Newly Discovered Immune Cell Could Prevent Lung Infections During Chemotherapy
The risk of infection increases during chemotherapy as the drugs work to kill the body’s dividing cells — some of which are cancerous and some of which are immune cell producers. When chemotherapy kills the cells that produce immune cells, the white blood cell count drops drastically and opens the patient up to a higher risk of lung infections.
Lung infections such as bacterial pneumonia are life-threatening infections in chemotherapy patients. Now, research from the St. Jude Children’s Research Hospital, published in the Proceedings of the National Academy of Sciences, is looking at a new type of immune cell that could help protect against these deadly infections.
How does the cell help protect against lung infections?
Macrophages are special white blood cells that trap and digest bacteria before they can do harm to the body. Vaccine-induced macrophages (ViMs) are a specialized type of macrophage that, when introduced into the lungs, carried out protective functions without facing a reduction from the chemotherapy.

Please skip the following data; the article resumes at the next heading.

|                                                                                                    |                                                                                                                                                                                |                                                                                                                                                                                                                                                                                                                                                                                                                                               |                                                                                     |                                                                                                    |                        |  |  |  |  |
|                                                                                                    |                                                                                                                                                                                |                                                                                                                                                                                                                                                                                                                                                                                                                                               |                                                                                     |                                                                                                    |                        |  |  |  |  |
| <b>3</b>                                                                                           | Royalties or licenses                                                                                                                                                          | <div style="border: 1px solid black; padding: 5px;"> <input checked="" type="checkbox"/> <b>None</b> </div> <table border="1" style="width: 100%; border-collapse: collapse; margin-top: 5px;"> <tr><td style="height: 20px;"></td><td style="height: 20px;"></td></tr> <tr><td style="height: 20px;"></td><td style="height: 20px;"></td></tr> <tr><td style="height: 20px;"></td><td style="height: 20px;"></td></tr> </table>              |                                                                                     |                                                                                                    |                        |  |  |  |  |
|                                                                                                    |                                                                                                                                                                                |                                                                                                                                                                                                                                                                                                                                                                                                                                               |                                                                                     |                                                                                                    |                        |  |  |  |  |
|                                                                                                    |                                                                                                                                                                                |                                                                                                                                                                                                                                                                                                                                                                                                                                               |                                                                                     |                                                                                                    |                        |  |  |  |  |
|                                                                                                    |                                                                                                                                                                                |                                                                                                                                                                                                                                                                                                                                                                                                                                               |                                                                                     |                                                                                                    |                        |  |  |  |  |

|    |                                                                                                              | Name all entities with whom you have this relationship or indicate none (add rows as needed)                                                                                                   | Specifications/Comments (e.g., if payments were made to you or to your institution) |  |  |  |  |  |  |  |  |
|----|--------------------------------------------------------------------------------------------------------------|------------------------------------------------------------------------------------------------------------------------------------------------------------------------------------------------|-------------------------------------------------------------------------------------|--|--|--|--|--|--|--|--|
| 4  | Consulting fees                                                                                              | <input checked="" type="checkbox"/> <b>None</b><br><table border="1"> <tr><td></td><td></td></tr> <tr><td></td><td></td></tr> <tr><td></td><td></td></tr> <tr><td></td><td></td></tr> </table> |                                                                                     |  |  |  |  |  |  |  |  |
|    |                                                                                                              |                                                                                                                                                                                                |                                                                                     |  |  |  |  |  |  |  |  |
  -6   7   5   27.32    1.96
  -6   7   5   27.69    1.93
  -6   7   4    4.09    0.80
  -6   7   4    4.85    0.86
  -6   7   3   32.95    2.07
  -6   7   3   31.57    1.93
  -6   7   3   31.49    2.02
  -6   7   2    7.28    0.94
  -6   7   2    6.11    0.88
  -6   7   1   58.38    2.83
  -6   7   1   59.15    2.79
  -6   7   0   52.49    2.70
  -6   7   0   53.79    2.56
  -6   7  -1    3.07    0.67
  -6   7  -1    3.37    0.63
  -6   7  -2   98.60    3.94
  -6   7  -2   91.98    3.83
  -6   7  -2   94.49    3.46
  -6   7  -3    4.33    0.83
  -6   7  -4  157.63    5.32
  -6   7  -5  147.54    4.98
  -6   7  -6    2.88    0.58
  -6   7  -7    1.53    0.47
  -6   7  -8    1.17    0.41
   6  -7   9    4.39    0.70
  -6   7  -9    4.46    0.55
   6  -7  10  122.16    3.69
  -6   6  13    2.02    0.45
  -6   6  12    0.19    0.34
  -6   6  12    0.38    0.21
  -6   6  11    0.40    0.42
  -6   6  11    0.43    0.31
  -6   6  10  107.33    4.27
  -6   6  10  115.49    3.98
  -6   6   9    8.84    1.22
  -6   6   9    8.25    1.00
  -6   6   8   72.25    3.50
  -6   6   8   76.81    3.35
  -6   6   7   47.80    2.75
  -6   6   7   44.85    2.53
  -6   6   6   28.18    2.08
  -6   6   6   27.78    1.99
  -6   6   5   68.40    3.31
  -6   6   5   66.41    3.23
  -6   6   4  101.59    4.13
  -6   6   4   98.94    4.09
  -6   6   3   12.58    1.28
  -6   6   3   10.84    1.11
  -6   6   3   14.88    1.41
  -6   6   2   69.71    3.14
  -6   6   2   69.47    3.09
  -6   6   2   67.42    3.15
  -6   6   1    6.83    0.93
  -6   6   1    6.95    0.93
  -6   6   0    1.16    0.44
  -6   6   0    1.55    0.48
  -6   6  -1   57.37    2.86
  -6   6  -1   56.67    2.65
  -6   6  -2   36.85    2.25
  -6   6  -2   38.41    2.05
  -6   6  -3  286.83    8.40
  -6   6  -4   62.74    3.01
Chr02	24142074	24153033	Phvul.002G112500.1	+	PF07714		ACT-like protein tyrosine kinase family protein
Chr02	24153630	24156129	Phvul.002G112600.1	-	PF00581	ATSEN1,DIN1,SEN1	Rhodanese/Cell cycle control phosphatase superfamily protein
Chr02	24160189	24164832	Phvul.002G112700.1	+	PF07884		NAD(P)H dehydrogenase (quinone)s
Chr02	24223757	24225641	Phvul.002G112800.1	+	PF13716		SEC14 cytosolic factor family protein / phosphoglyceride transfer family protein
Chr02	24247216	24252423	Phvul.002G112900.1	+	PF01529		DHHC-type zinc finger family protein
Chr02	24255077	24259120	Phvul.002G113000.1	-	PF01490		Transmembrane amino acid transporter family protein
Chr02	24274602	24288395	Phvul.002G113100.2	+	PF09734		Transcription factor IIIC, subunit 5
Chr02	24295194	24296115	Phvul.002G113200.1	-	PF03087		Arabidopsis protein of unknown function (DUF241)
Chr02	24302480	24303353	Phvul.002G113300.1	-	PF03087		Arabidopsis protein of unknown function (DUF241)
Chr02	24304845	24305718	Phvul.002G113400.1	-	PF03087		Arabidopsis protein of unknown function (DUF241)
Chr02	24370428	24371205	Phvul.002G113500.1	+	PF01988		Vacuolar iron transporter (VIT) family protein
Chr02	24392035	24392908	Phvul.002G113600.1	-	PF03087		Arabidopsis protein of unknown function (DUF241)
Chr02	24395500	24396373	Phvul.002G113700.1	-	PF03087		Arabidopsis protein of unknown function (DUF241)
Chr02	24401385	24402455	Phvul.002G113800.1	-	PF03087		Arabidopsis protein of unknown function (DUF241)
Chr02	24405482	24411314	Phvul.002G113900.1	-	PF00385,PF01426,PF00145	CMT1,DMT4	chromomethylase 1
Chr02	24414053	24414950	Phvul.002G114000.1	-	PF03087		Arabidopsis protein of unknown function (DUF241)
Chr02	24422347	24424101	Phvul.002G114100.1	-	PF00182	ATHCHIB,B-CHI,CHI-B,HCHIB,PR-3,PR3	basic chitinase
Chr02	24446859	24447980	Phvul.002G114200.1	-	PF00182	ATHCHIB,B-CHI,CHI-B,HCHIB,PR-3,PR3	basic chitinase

Researchers are now looking for the best method of raising the level of ViMs before starting chemotherapy as a preventative measure against lung infections.
Cancer Treatment Can Increase Severity of Symptoms and Cause Disability
Some cancers do not impair you from the start, but as they progress, they can prevent you from performing substantial gainful activity. Many people who undergo chemotherapy report worsening of symptoms, especially fatigue, that prevents them from continuing to work.
If you have cancer and have been unable to work for several months, talk to the Disability Help Group for information on your options for Social Security disability benefits.
Call us at 800-800-2009 to schedule a consultation with one of our disability advocates.